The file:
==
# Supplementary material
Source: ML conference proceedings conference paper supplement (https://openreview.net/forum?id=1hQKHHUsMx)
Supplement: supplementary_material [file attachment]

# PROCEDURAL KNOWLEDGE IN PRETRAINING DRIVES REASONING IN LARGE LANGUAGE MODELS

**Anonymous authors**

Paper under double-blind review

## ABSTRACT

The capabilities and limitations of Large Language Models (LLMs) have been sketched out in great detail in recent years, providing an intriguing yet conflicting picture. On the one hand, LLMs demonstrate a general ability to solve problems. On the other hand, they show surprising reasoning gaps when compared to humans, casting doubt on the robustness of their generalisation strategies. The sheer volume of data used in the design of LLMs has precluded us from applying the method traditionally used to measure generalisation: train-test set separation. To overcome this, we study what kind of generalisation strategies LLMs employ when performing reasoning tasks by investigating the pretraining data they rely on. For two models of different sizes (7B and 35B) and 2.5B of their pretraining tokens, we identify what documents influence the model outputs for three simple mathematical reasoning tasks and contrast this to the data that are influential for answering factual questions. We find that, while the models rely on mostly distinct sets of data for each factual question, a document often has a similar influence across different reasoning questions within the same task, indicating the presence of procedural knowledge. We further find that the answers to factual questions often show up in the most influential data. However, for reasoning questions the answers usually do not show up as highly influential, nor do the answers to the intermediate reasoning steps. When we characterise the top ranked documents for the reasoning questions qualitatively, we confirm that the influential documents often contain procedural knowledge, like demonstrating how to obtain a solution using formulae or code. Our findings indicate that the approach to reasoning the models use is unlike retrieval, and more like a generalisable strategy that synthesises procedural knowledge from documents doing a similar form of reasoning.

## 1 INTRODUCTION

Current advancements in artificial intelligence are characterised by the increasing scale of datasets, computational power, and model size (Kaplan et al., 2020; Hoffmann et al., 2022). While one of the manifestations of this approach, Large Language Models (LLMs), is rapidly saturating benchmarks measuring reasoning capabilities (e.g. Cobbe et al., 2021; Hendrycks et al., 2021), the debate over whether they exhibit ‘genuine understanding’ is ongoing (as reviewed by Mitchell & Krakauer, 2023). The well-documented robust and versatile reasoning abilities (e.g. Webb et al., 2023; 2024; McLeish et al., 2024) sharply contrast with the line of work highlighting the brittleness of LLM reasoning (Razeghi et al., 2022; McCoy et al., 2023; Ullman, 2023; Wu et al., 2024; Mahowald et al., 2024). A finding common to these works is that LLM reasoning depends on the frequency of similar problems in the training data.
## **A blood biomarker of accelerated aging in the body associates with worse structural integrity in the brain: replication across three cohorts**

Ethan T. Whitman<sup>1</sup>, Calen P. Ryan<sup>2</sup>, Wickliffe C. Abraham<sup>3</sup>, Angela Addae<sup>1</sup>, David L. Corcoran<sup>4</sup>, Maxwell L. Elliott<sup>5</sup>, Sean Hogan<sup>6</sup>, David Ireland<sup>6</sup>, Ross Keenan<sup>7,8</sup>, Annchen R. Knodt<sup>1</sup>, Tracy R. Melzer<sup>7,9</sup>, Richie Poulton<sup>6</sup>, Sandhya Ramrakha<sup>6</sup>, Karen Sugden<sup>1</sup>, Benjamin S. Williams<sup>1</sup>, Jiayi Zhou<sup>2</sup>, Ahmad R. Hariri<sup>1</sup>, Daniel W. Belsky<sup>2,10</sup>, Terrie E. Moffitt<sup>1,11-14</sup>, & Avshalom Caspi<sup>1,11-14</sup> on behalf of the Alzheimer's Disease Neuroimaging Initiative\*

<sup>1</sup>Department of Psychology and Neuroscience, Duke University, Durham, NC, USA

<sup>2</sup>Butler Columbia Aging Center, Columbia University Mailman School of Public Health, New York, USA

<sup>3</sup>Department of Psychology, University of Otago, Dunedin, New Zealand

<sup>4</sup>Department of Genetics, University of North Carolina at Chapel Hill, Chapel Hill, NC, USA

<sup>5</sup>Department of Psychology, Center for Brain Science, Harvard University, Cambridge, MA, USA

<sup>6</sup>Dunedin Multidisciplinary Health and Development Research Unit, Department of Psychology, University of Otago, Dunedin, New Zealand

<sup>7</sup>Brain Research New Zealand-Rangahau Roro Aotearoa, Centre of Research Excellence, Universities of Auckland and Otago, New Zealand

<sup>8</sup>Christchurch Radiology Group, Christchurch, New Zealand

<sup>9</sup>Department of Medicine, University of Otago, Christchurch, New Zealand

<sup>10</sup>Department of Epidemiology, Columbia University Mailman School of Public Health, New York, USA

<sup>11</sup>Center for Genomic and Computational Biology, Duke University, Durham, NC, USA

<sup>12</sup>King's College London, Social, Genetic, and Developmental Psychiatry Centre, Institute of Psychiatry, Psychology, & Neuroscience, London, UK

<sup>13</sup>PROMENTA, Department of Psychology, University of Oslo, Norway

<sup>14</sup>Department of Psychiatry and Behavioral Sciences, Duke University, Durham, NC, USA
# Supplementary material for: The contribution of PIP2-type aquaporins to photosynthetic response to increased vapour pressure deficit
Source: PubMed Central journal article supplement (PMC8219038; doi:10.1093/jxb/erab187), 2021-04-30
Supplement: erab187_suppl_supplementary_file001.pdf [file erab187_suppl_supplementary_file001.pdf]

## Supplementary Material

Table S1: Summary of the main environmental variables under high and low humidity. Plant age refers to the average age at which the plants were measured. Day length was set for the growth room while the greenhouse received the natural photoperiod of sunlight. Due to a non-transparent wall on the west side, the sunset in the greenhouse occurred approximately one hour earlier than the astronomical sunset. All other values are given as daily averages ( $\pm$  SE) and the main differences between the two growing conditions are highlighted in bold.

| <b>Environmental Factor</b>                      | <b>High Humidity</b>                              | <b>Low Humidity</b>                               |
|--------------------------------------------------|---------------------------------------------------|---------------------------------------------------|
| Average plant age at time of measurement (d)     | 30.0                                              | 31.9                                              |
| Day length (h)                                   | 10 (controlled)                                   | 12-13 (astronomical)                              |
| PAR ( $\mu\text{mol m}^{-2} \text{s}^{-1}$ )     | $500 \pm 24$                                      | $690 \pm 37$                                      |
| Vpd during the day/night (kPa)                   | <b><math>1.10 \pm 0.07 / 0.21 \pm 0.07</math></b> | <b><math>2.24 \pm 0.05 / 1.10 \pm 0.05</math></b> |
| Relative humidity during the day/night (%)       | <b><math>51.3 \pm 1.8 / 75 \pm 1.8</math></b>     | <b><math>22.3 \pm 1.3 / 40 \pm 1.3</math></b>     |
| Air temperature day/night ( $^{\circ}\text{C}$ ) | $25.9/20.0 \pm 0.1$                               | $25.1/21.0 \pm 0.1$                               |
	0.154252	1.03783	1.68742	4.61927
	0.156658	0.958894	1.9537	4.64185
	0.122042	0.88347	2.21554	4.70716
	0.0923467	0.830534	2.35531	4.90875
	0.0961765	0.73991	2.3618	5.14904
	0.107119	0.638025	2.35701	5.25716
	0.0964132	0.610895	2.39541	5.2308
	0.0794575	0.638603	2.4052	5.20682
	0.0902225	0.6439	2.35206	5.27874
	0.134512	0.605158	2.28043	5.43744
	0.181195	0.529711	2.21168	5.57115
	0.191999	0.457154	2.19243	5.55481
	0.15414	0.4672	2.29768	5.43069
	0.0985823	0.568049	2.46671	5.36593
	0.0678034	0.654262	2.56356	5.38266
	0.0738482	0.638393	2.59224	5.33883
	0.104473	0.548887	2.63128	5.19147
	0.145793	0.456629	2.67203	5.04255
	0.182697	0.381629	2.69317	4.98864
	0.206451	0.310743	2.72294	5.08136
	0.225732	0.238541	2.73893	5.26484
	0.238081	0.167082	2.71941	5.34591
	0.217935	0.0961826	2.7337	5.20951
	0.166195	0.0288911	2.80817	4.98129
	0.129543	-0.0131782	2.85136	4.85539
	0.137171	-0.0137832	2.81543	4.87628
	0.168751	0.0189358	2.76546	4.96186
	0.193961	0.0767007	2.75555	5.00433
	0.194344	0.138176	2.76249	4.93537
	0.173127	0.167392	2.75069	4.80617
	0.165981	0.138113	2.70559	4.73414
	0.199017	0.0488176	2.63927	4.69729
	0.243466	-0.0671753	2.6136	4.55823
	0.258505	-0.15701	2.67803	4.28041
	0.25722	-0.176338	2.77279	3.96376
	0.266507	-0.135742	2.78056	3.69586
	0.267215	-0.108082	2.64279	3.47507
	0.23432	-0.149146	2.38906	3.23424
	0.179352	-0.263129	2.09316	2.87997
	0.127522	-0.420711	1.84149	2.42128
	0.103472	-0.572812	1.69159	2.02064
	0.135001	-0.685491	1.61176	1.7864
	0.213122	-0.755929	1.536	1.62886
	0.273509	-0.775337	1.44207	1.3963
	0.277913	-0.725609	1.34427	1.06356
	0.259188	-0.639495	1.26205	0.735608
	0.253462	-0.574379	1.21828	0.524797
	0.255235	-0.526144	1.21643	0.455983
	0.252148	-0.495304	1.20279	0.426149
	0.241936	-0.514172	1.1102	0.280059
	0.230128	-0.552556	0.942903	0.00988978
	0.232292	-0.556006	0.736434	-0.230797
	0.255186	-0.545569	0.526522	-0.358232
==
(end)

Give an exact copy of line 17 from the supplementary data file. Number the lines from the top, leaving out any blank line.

<sup>5</sup>Department of Psychology, Center for Brain Science, Harvard University, Cambridge, MA, USA